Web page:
To see how they do the same thing, you can click the “fix function” checkbox, which will fix the function $f(x)$. When that box is checked, if you change the parameters $b$ or $k$, the other parameter will change in a way to leave the function $f(x)$ unchanged. For the function $f(x)=b^{kx}$, the value $f(0)=1$ for all parameters.
To change the value of $f(0)$, you can allow scaling of the function by clicking the corresponding checkbox. Then, the function changes to $f(x)=c b^{kx}$ with an additional parameter $c$ that scales (multiplies) the whole function so that $f(0)=c$. You can change the value of $c$ by dragging the red point. You can change range of the $x$ and $y$axes buttons labeled $x+$, $x$, $y+$, and $y$.
Since $f(x)$ is always nonnegative, only the positive $y$axis is shown.
More information about applet.
It turns out that adding both parameters $b$ and $k$ to our definition of $f$ is really unnecessary. We can still get the full range of functions if we eliminate either $b$ or $k$. You can see this fact through the above applet. For example, you can see that the function $f(x)=3^{2x}$ ($k=2$, $b=3$) is exactly the same as the function $f(x)=9^x$ ($k=1$, $b=9$).
In fact, for any change you make to $k$, you can make a compensating change in $b$ to keep the function the same. To see this, check the “fix function” checkbox. Then, if you change either $b$ or $k$, the applet will automatically make a compensatory change in the other parameter to keep the function the same.
If you are curious why this is true, you can check out the calculation showing the two parameters are redundant.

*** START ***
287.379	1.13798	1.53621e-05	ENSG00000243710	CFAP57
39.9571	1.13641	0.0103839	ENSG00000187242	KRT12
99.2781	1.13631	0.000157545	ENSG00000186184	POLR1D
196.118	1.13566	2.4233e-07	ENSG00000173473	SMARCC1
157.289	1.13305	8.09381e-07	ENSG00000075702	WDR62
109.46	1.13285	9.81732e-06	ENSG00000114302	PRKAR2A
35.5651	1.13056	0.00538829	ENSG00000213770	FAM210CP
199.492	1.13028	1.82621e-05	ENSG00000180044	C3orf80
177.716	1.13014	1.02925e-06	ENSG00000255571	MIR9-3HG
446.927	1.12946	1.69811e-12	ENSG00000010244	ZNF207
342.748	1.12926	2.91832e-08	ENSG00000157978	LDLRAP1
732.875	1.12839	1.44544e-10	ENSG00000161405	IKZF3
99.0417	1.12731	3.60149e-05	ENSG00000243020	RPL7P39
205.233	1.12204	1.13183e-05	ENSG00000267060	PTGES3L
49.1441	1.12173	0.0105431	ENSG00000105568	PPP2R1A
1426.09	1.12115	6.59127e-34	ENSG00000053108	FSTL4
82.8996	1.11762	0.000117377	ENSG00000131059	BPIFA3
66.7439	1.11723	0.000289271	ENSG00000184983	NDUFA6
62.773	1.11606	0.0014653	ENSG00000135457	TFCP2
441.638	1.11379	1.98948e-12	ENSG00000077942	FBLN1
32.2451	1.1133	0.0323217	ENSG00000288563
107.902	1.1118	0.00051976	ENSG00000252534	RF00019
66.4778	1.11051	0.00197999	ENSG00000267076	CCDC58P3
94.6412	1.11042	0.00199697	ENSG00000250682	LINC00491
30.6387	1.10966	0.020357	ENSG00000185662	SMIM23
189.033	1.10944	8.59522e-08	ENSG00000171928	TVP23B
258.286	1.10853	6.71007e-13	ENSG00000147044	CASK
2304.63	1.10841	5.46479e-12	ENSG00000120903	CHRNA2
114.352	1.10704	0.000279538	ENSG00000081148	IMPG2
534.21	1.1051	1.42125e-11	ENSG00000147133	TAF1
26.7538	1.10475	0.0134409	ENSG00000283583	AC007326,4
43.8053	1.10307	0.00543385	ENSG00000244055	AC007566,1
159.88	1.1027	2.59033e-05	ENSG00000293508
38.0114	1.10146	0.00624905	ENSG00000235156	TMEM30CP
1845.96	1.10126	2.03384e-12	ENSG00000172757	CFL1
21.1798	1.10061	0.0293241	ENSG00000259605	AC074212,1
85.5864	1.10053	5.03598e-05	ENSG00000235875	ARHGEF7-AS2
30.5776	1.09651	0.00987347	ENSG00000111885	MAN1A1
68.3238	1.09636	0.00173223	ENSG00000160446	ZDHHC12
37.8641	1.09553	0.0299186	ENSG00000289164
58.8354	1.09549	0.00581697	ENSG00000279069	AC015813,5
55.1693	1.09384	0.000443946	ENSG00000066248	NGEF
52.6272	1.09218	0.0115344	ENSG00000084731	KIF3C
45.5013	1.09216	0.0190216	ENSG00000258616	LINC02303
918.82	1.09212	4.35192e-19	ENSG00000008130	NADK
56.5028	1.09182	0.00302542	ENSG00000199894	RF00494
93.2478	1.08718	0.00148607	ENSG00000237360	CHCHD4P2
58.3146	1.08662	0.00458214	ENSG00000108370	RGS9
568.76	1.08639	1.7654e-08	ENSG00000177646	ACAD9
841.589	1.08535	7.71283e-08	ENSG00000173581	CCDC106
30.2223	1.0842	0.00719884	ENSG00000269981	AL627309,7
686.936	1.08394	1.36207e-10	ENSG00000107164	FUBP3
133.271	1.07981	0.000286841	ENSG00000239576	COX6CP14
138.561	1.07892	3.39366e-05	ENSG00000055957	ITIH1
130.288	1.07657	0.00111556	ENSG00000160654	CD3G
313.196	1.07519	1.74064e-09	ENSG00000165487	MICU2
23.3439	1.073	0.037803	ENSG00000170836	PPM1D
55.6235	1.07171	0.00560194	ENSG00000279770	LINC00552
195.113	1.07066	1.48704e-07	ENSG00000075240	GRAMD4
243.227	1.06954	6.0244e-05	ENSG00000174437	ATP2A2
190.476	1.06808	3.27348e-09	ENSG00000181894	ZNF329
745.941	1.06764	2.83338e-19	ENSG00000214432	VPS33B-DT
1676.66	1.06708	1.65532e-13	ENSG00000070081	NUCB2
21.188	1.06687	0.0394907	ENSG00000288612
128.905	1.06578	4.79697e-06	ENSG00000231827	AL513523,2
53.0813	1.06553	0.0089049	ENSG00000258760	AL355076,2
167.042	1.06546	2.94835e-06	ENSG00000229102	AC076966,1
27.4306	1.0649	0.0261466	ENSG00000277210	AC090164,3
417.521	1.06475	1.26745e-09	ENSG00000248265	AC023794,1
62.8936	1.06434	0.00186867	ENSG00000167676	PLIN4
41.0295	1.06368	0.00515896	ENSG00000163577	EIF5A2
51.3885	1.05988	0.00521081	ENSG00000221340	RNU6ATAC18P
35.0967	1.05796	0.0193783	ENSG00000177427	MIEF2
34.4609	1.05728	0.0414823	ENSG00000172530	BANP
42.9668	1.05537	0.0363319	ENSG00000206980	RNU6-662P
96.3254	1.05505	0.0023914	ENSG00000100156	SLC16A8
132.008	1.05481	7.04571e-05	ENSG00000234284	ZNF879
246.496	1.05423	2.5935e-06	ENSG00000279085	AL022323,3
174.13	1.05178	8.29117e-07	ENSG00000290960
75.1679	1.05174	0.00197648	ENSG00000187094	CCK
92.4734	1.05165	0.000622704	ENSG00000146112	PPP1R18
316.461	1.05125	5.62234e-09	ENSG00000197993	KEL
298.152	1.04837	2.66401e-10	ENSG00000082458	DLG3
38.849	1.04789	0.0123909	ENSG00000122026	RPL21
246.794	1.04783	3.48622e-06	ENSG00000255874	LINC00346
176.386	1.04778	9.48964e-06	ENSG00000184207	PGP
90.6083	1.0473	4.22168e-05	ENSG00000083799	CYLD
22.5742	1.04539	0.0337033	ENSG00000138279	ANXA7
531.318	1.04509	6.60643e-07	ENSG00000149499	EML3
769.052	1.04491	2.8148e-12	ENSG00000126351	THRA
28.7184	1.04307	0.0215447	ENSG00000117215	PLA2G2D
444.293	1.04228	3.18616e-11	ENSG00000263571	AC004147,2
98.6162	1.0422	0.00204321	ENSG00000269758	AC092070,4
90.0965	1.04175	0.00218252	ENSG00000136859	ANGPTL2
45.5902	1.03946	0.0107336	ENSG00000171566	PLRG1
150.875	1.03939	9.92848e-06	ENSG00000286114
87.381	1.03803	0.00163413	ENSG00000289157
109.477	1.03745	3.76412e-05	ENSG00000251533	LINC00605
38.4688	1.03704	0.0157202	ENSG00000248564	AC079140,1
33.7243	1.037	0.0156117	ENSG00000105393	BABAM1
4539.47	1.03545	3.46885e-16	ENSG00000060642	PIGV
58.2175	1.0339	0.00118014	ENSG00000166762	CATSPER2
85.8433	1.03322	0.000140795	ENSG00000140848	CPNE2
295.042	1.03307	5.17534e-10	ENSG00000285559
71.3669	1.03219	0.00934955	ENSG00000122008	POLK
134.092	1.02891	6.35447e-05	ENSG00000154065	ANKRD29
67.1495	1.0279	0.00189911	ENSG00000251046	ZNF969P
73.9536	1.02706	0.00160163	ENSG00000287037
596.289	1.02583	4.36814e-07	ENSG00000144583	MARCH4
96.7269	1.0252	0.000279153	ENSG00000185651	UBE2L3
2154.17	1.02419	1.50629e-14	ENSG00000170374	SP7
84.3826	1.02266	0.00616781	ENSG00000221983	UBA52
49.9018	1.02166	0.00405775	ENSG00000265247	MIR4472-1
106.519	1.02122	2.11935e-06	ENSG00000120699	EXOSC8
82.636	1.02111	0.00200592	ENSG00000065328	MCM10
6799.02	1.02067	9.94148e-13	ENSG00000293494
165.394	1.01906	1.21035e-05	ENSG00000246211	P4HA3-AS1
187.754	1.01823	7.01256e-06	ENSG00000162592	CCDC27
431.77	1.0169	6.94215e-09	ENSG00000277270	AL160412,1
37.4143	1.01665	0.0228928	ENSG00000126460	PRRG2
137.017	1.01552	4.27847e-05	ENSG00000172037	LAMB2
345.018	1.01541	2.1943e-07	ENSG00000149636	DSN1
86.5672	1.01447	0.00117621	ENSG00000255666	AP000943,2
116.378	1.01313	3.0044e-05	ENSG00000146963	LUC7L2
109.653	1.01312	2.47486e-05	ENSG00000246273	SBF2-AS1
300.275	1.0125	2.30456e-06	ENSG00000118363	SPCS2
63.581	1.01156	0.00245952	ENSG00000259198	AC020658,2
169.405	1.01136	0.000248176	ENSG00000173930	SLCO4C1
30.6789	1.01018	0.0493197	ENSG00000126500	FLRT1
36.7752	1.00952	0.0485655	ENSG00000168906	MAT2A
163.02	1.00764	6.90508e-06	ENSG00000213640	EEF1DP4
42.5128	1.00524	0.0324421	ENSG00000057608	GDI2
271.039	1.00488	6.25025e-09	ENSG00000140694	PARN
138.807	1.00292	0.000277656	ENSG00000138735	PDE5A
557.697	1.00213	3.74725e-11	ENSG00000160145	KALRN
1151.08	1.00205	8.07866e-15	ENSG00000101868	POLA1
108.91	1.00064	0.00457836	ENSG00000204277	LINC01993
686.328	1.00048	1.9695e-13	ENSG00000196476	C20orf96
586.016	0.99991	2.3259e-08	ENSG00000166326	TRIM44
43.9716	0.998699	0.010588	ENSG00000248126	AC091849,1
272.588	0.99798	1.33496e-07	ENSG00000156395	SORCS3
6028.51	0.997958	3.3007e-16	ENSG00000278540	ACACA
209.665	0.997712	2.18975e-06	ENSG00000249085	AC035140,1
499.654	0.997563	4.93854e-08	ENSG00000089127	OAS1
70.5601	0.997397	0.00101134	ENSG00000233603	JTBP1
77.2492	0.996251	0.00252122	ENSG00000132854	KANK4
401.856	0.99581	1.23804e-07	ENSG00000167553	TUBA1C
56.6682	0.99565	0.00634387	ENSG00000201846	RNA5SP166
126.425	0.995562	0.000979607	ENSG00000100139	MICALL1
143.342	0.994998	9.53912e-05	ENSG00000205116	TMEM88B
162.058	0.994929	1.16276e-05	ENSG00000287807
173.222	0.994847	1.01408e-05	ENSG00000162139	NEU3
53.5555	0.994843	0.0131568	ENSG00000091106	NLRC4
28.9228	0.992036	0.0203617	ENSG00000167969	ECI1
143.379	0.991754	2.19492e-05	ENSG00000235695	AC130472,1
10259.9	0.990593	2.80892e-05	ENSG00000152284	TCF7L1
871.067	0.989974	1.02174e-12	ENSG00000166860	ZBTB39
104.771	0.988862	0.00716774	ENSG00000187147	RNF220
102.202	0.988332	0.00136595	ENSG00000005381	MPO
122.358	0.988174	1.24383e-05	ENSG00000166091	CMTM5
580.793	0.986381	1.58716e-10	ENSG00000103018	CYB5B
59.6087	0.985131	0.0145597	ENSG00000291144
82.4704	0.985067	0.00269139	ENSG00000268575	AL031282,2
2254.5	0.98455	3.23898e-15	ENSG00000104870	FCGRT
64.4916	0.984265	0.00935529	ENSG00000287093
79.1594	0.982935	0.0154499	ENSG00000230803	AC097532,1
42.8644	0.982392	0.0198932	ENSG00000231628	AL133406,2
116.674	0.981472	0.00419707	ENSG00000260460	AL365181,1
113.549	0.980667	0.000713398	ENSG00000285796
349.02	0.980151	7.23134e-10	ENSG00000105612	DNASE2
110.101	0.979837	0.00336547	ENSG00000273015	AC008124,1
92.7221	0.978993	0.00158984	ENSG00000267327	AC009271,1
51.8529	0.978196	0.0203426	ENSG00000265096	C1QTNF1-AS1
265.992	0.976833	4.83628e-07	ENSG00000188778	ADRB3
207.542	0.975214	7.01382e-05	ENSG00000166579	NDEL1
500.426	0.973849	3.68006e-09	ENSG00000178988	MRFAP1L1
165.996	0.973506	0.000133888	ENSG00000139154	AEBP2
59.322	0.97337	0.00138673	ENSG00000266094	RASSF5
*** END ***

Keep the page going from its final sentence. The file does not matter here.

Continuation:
Since it is silly to have both parameters $b$ and $k$, we will typically eliminate one of them. The easiest thing to do is eliminate $k$ and go back to the function
$$f(x)=b^x.$$
We will use this function a bit at first, changing the base $b$ to make the function grow or decay faster or slower.
However, once you start learning some calculus, you'll see that it is more natural to get rid of the base parameter $b$ and instead use the constant $k$ to make the function grow or decay faster or slower.
Except, we can't exactly get rid of the base $b$. If we set $b=1$, we'd have the boring function $f(x)=1$, or, if we set $b=0$, we'd have the even more boring function $f(x)=0$.
We need to choose some other value of $b$.
What is Exponential Growth?
This is the first post in a threepart series on exponential growth and doubling time – concepts that are important in not only mathematics courses, but life science and AP Environmental Science courses. The series will explore these concepts, describe the calculations involved, and provide educators with resources for teaching students about these important topics.
Before we dive in to the concept of exponential growth – consider this brainteaser from our student activity Population Riddles: A father complained that his son’s allowance of $5 per week was too much.